Manually recording a trace

The simplest way to record a trace would be to hit the “start recording” button in the timeline panel, performing interactions like scrolling the page or clicking buttons, and then finally hitting “stop recording”. Chrome process all this information and shows graphs with framerates. All this information can also be saved as a JSON file by right-clicking (or Alt-clicking) on the graph and selecting the option to save the timeline.

Using Selenium

While the above method is the most common way to collect tracing from Chrome, doing these repeatedly over multiple deployments or for different scenarios can be cumbersome. Selenium is a popular tool that allows us to write scripts that perform interactions like navigating webpages or clicking buttons and we could leverage such scripts to capture trace information.
To start performance logging, we just need to ensure that certain parameters are added to the existing set of capabilities.
Selenium scripts have binding for multiple programming languages and if you already have selenium tests, you could add the capabilities in the following examples to also get performance logs. Since we are only testing Chrome, running just Chromedriver instead of setting up Selenium and then executing the following node script gets the trace logs.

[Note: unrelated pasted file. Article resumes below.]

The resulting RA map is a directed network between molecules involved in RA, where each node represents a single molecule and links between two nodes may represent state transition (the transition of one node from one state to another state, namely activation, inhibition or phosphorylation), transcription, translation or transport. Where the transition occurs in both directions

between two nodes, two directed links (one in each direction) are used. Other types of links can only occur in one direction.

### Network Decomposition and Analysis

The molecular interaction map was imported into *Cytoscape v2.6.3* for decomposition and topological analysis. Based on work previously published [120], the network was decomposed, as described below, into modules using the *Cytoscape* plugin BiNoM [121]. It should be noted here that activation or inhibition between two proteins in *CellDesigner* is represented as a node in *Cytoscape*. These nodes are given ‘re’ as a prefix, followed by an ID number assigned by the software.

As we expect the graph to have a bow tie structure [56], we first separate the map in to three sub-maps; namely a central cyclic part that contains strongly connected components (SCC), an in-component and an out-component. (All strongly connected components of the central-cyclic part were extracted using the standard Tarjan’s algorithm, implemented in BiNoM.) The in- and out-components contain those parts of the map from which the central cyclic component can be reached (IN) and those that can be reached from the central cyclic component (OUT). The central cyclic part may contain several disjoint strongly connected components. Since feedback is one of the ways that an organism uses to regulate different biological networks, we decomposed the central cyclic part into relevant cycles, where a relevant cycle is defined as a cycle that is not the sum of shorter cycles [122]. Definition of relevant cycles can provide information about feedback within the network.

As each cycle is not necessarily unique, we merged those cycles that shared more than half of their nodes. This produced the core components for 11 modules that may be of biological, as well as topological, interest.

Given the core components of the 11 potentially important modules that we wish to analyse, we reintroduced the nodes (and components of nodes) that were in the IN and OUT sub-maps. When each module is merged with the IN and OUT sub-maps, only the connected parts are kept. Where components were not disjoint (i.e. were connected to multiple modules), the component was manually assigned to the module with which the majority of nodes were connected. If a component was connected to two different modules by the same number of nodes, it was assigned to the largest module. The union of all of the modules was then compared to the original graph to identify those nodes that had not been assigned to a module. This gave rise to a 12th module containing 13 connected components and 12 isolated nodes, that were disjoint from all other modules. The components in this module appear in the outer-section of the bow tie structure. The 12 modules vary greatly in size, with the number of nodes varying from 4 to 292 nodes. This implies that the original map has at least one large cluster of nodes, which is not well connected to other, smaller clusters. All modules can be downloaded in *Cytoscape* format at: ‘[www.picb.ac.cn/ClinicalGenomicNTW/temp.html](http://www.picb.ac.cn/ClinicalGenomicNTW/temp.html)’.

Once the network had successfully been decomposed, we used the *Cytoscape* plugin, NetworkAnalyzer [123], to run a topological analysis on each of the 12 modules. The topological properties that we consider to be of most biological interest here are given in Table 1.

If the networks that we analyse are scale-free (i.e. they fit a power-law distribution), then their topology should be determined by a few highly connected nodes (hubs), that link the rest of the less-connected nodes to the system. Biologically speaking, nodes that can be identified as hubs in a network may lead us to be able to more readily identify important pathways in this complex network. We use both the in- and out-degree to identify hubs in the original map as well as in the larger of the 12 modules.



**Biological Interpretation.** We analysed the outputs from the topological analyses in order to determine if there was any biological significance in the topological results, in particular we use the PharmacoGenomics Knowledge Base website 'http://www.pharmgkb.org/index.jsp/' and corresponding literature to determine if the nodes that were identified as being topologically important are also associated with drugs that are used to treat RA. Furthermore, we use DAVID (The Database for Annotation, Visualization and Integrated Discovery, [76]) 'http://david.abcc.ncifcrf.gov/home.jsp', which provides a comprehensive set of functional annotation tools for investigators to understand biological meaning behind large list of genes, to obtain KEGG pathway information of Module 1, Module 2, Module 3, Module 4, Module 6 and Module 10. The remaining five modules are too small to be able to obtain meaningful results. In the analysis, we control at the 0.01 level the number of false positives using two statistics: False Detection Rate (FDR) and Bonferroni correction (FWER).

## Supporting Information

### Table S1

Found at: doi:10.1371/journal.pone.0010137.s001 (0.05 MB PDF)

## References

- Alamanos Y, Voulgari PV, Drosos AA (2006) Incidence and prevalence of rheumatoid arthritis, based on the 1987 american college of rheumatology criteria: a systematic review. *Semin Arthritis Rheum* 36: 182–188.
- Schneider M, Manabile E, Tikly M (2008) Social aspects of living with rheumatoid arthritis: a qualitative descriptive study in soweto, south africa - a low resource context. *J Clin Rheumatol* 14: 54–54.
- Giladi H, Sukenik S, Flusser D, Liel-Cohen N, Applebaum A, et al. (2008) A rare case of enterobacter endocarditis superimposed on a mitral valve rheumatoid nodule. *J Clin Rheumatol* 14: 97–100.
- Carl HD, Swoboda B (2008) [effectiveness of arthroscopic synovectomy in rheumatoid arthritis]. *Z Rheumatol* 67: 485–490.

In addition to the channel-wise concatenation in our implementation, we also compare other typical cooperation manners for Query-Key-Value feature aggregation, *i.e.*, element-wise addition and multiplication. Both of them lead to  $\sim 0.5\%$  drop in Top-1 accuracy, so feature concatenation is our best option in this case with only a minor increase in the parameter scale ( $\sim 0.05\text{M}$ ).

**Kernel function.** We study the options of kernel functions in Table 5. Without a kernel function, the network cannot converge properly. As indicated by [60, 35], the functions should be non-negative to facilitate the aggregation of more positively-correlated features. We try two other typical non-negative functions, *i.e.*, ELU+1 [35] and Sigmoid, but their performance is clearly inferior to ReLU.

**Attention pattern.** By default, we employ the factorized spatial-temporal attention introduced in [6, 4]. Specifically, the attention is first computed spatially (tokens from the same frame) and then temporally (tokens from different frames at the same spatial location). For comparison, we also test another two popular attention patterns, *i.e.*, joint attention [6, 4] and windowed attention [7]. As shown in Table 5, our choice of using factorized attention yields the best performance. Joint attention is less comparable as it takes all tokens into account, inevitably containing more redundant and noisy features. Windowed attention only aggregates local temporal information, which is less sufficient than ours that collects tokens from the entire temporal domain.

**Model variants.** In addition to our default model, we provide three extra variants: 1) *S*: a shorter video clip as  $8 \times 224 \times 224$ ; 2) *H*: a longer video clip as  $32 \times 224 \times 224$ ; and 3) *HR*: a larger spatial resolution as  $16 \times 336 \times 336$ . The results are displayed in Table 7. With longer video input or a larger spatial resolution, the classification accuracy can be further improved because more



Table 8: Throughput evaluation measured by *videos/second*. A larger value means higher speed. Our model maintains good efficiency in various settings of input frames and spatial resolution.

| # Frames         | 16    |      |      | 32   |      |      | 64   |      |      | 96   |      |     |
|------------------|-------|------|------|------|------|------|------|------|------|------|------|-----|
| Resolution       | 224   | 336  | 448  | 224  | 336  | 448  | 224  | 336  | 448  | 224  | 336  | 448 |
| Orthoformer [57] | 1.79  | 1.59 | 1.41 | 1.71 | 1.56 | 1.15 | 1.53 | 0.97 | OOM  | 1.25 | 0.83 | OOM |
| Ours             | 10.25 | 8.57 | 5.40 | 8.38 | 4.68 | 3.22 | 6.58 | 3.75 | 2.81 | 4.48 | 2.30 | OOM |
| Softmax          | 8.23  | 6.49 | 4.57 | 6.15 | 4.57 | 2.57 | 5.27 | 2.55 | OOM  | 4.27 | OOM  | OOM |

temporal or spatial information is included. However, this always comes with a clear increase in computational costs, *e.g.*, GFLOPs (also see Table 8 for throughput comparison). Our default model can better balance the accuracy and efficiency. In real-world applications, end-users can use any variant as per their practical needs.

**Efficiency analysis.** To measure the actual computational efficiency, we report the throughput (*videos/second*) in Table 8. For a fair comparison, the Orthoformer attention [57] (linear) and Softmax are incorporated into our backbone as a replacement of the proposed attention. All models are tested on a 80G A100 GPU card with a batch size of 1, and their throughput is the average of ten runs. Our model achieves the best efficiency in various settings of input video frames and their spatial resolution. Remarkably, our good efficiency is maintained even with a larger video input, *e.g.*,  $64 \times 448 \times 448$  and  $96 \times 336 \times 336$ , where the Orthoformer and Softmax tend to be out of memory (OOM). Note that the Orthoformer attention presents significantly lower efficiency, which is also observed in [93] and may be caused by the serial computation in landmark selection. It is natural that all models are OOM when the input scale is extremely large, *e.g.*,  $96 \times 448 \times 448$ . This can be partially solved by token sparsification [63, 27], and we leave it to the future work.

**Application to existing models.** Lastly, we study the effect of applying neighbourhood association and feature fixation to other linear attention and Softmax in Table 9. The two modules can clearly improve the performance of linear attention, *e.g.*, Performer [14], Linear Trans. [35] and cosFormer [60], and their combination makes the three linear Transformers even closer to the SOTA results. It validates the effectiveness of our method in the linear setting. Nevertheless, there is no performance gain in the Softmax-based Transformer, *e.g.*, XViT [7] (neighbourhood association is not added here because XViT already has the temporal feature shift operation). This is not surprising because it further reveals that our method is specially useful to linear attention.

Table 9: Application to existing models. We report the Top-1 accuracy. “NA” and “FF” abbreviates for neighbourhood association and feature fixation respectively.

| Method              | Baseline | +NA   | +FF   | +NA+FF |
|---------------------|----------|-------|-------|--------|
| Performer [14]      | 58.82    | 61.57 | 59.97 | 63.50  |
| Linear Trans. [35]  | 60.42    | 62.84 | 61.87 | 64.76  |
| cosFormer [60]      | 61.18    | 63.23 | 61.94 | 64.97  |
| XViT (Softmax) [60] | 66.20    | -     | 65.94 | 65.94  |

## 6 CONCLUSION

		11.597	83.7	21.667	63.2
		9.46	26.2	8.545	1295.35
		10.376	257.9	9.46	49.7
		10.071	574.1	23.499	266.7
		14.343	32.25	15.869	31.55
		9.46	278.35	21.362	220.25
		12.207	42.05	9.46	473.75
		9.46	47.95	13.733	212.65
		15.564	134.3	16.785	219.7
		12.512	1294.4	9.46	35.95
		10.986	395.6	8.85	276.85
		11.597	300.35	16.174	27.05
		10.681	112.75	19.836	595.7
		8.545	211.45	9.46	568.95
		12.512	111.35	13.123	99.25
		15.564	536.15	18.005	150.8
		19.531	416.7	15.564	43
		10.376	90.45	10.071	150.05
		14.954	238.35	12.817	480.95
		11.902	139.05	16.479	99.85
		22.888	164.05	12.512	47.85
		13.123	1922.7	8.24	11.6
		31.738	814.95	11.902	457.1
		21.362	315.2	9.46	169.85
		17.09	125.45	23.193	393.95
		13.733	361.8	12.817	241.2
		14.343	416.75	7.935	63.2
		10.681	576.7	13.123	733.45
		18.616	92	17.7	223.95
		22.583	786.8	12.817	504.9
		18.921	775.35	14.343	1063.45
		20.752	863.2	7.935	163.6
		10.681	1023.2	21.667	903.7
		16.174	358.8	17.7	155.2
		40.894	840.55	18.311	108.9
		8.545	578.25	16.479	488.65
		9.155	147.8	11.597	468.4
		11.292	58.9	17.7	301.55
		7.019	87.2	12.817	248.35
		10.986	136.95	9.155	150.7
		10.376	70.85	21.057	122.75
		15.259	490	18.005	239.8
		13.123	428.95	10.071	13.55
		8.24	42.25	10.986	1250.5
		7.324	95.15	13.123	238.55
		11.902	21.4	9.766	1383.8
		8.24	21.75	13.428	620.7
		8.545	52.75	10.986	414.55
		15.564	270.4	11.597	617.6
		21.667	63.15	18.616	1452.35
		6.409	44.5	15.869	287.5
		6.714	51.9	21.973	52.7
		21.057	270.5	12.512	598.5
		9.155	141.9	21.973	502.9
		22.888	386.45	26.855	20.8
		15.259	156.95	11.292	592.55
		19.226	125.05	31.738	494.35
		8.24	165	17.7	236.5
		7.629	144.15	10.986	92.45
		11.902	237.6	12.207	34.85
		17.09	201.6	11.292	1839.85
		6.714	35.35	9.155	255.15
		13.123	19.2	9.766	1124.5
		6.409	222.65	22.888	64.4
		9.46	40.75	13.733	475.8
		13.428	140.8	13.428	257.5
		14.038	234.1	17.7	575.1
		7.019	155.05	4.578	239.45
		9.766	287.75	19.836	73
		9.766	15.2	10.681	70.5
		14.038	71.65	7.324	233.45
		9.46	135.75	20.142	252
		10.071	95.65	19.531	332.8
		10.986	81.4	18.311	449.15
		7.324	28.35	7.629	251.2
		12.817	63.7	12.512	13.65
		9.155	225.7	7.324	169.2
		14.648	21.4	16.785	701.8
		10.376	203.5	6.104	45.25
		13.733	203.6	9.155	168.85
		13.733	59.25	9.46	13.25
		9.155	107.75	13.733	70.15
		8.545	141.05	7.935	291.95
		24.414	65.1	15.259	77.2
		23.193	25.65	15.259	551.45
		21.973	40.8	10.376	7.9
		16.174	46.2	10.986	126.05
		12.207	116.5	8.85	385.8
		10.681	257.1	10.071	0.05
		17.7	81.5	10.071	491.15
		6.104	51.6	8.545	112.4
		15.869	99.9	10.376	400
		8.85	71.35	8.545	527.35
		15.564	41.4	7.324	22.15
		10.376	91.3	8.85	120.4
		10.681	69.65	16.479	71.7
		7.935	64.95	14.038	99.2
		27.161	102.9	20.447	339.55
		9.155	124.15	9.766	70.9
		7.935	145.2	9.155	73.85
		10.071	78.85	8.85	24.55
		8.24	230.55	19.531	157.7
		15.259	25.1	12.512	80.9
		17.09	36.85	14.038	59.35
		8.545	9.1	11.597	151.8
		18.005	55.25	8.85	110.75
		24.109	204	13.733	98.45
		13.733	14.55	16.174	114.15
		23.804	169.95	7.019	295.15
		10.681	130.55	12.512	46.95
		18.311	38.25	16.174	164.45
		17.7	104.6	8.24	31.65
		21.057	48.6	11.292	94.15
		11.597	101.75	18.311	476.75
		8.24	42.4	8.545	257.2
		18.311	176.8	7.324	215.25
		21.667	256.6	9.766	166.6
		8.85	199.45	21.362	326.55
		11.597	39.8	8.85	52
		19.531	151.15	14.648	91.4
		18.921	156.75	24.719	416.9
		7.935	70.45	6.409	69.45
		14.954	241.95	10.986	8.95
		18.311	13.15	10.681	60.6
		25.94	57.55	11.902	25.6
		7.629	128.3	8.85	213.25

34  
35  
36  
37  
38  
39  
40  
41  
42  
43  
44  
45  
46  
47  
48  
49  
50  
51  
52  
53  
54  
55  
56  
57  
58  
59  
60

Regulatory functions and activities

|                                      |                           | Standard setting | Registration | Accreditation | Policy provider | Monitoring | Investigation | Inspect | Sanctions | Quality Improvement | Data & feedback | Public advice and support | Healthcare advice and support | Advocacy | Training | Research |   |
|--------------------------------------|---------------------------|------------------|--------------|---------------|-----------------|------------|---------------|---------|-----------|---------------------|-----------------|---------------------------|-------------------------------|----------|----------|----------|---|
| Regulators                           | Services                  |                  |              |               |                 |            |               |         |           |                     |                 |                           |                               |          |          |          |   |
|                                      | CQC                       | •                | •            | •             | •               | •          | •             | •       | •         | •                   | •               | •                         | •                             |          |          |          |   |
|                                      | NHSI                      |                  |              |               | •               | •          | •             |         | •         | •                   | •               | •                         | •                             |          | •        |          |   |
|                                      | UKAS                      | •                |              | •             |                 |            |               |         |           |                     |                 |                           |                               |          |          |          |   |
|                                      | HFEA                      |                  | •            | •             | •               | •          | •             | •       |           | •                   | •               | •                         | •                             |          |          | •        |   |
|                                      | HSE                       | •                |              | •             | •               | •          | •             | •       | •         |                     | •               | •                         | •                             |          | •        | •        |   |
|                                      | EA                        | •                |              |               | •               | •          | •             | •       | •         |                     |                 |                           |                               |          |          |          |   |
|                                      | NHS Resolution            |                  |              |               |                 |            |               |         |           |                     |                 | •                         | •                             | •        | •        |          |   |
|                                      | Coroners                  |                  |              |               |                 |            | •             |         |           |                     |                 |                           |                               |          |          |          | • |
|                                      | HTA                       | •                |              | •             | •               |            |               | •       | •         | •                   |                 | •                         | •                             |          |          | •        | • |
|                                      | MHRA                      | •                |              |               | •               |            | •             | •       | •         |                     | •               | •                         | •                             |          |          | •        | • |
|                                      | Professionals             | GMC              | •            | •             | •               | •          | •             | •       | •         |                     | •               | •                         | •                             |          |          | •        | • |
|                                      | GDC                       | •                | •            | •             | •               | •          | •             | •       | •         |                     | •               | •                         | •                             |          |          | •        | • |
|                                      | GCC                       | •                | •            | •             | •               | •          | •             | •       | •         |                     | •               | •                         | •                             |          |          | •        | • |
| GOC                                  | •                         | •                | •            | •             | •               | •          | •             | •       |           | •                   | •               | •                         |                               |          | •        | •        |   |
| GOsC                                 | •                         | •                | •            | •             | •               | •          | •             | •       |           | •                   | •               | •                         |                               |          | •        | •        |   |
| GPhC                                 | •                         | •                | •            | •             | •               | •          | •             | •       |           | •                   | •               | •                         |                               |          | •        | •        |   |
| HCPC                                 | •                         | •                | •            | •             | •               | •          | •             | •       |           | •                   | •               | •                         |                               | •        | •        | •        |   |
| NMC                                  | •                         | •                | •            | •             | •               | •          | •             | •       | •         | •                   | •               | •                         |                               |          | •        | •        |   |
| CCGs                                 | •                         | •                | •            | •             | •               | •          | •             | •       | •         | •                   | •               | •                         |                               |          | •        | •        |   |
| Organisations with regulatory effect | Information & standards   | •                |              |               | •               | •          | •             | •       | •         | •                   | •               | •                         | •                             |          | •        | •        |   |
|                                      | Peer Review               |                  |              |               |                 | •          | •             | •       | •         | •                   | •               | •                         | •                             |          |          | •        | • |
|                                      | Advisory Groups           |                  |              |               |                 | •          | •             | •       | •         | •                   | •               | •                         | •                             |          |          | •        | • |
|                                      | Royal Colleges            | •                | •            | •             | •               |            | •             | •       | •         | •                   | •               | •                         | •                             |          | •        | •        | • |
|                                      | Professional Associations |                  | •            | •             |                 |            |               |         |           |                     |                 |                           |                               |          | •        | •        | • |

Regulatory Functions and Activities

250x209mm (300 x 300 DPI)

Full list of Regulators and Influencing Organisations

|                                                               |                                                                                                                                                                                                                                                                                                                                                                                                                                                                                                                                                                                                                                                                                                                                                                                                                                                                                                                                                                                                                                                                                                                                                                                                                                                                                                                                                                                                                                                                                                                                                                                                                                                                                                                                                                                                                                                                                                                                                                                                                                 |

var wd = require('wd');
var b = wd.promiseRemote('http://localhost:9515');

    browserName: "chrome",
    chromeOptions: {
        perfLoggingPrefs: {
            "traceCategories": "toplevel,disabled-by-default-devtools.timeline.frame,blink.console,disabled-by-default-devtools.timeline,benchmark"
        args: ["--enable-gpu-benchmarking", "--enable-thread-composting"]
    loggingPrefs: {
        performance: "ALL"
}).then(function() {
    return b.get(''); // Fetch the URL that you want
}).then(function() {
    // We only want to measure interaction, so getting a log once here